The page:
A wave of new technology intended to make trucks safer — using radar, cameras and reflective light scanning — is sweeping the industry. By next year, much of it may be combined to put pairs of trucks on the road at a distance that before would not have been possible or safe. …
Trucks are involved in 11 percent of fatal crashes, although they make up just 4 percent of vehicles on the road, according to the [US] Federal Motor Carrier Safety Administration. Ten percent of truck fatalities are rear-end crashes — three times as many as rear-end collisions between two cars.
The pairing of tractor-trailers at a distance of 30 to 50 feet is called platooning. Here’s why it’s significant — and how it might save you money.
Fans of bike racing and NASCAR are acquainted with what it means to get into someone else’s slipstream. Whether in spandex or NASCAR fire-retardant suits, racers know they can save energy or fuel by tucking close behind another rider or race car.
Truckers know that, too.
Trucking companies spent about $90 billion on diesel fuel last year. Firms spend the most paying drivers, but buying diesel often is the second-biggest expense, sometimes amounting to 20 percent of operating costs.
A truck tucked in the slipstream of another tractor-trailer can save 10 percent on fuel. But the truck in front also will burn about 5 percent less fuel. Why? Part of the drag on a truck plowing into the wind is caused by turbulent air that tumbles off the top and sides of the trailer. When two trucks pair up closely, the air flows more smoothly from the first to the second, reducing that turbulence. …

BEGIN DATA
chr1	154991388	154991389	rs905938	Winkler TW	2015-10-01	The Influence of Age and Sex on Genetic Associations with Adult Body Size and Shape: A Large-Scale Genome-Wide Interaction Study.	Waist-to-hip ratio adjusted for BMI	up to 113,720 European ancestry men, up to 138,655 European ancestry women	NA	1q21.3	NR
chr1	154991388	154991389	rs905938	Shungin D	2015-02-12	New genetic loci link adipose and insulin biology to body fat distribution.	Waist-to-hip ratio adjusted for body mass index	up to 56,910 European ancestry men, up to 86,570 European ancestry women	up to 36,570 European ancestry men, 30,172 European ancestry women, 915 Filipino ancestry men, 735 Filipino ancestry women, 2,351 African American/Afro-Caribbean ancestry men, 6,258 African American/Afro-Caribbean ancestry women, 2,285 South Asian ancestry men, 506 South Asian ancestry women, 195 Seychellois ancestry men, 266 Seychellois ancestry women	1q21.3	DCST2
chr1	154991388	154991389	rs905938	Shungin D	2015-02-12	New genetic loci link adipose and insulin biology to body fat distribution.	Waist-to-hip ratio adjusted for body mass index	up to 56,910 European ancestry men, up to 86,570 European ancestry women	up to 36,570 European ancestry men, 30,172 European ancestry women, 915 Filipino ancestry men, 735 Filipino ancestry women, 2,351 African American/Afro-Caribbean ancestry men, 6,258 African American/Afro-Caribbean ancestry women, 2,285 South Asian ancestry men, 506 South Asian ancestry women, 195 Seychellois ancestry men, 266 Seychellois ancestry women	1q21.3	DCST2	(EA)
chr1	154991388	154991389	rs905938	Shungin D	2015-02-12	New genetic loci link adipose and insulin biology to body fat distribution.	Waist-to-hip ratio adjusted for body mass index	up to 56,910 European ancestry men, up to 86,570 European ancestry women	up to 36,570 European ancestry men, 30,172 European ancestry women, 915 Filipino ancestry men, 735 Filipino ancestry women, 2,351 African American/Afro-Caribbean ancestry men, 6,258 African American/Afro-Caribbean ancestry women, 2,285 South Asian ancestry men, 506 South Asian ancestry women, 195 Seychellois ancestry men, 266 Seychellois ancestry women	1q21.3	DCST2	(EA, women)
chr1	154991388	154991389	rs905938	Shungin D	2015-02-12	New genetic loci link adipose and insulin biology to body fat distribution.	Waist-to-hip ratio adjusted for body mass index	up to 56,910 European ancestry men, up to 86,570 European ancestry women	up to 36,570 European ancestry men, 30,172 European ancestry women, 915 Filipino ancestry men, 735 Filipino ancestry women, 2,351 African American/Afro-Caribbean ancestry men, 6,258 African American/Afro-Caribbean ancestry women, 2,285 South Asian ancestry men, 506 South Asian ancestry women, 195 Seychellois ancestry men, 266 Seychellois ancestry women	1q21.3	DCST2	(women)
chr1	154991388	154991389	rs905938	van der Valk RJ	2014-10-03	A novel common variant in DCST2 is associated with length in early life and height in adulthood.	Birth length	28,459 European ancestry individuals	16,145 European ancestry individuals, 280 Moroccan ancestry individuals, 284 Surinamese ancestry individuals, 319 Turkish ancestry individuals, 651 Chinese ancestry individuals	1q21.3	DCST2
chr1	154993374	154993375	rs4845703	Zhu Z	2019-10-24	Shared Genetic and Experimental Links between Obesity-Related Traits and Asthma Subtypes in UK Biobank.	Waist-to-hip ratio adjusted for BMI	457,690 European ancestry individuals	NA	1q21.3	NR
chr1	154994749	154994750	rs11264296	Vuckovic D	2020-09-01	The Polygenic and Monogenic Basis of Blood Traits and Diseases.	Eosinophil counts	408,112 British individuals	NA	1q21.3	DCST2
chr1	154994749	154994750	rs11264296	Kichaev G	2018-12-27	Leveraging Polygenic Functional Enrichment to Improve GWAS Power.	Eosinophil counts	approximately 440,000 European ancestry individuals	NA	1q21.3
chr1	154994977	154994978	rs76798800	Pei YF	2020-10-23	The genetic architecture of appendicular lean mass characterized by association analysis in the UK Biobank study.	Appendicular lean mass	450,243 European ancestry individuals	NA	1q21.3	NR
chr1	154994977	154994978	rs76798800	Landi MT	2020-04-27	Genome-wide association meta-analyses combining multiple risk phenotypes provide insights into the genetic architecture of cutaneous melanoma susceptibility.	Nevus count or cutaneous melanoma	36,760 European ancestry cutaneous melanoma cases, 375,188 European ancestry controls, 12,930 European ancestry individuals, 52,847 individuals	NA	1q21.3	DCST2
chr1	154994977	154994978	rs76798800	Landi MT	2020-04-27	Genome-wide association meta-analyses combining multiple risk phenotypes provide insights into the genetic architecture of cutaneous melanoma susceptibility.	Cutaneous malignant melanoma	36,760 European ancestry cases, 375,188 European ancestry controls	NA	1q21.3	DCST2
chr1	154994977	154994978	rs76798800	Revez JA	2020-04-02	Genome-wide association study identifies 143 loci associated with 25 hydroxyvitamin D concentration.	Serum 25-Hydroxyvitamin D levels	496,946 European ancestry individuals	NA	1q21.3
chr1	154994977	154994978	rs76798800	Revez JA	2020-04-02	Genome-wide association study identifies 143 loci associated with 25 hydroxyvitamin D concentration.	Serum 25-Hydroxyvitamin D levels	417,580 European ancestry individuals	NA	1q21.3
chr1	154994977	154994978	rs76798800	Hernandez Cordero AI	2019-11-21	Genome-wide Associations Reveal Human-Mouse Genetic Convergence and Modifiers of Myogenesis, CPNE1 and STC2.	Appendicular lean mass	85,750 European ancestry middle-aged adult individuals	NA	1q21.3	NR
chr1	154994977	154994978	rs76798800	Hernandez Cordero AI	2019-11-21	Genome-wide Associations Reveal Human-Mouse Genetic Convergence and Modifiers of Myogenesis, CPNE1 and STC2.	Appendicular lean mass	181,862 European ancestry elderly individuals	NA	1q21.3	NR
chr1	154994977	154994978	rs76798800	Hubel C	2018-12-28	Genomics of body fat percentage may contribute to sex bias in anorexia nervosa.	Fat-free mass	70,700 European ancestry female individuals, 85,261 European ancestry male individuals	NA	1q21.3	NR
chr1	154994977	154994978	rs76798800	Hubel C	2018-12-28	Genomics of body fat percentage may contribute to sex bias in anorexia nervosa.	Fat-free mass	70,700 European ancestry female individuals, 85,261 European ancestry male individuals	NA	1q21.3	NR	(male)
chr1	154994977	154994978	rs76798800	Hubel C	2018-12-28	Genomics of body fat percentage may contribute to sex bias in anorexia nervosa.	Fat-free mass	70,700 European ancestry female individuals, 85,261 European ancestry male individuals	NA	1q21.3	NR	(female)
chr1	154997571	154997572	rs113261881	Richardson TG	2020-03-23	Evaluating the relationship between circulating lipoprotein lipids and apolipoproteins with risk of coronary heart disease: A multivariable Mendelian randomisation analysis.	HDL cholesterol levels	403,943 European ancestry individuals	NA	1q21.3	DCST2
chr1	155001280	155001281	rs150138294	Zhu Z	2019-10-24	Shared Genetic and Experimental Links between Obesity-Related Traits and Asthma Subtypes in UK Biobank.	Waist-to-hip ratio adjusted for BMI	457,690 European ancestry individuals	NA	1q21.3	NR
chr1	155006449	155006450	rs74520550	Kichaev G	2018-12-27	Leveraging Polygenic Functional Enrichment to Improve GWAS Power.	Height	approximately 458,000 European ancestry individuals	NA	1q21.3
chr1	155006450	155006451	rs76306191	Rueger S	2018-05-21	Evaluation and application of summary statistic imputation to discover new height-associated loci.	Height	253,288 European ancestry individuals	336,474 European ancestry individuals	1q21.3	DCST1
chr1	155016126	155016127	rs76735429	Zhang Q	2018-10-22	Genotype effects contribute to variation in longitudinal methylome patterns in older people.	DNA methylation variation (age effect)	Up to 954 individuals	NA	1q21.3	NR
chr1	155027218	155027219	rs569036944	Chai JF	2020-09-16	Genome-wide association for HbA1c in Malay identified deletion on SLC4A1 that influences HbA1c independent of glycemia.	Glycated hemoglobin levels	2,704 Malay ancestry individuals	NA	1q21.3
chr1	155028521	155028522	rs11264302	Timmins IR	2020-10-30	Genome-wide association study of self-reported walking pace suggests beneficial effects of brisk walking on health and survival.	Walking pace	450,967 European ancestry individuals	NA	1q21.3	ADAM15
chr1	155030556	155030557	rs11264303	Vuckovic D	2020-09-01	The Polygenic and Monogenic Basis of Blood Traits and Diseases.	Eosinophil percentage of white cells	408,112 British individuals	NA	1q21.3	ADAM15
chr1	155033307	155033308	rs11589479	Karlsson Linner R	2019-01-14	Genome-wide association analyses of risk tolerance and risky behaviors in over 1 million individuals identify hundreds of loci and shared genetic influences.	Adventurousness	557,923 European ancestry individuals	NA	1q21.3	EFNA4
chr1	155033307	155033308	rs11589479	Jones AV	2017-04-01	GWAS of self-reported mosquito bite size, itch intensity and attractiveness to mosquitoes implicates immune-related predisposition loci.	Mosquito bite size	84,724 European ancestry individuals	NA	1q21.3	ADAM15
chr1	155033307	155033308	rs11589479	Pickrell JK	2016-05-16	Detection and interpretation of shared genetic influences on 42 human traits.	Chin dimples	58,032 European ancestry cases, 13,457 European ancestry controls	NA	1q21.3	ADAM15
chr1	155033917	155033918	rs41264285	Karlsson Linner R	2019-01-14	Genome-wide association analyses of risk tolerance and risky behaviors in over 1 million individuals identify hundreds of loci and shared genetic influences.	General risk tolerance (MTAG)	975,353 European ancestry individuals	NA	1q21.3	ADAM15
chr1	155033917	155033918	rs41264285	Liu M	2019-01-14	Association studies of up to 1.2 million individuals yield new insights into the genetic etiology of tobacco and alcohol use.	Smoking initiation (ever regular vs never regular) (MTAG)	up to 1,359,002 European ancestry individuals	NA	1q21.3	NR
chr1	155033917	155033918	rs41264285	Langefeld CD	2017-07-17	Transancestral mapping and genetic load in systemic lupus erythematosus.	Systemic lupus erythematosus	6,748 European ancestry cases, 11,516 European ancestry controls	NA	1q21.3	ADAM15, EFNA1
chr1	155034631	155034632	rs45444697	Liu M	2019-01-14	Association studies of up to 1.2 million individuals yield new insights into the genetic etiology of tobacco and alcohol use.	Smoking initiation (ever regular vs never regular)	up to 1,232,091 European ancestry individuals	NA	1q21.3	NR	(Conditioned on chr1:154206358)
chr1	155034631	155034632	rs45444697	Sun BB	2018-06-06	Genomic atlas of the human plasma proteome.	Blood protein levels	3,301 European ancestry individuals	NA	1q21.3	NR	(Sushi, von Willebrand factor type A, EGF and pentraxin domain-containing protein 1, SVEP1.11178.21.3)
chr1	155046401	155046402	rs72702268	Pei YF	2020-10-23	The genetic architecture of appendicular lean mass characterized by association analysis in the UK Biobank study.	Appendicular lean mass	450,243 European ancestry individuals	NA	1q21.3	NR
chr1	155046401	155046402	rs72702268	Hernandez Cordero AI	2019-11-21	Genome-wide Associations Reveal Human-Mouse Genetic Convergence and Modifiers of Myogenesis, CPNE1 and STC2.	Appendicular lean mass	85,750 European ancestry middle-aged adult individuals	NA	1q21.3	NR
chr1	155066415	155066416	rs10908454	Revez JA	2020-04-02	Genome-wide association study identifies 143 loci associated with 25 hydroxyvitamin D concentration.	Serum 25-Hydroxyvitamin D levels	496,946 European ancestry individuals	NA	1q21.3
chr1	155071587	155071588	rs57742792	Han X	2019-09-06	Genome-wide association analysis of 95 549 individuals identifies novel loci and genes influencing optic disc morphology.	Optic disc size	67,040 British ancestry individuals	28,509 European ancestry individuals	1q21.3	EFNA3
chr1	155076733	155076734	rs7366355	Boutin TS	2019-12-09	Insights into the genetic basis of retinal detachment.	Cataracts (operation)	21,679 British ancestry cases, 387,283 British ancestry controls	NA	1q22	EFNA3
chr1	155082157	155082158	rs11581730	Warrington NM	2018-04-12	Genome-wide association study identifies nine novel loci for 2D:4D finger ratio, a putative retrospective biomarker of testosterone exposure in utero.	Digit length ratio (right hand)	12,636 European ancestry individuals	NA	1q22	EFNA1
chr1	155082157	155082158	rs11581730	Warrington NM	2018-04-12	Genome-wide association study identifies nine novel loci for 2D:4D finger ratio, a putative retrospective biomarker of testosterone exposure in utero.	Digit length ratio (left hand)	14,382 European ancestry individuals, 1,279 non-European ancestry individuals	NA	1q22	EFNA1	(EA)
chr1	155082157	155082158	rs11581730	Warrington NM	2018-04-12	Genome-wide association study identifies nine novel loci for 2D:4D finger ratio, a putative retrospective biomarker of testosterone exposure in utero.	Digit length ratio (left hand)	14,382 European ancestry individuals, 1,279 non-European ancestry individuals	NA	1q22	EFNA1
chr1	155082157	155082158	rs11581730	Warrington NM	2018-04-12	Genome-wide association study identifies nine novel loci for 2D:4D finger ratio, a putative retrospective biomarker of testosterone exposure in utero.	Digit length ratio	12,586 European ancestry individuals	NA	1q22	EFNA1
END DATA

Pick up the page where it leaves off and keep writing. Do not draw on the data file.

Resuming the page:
“The chief safety concern for passenger vehicles is how other drivers will react to platoons,” Adkins said. “How fast should platoons be permitted to travel? Will long platoons block exit lanes that were not designed for such circumstances? Can we limit platoons to only the right lane, rather than blocking multiple lanes of traffic? How can we prevent cars from trying to dangerously ‘cut in’ between platooning trucks?” …
The Peloton system links acceleration and braking directly to the engine controls, bypassing the driver when two trucks are paired, although both drivers continue to steer and can take full control if a situation warrants it.
“We can send data very rapidly between the two trucks,” Switkes said. “It’s all electronically integrated. The reaction is about 30 milliseconds, compared to a human taking 1 to 1.5 seconds to react, at a minimum.”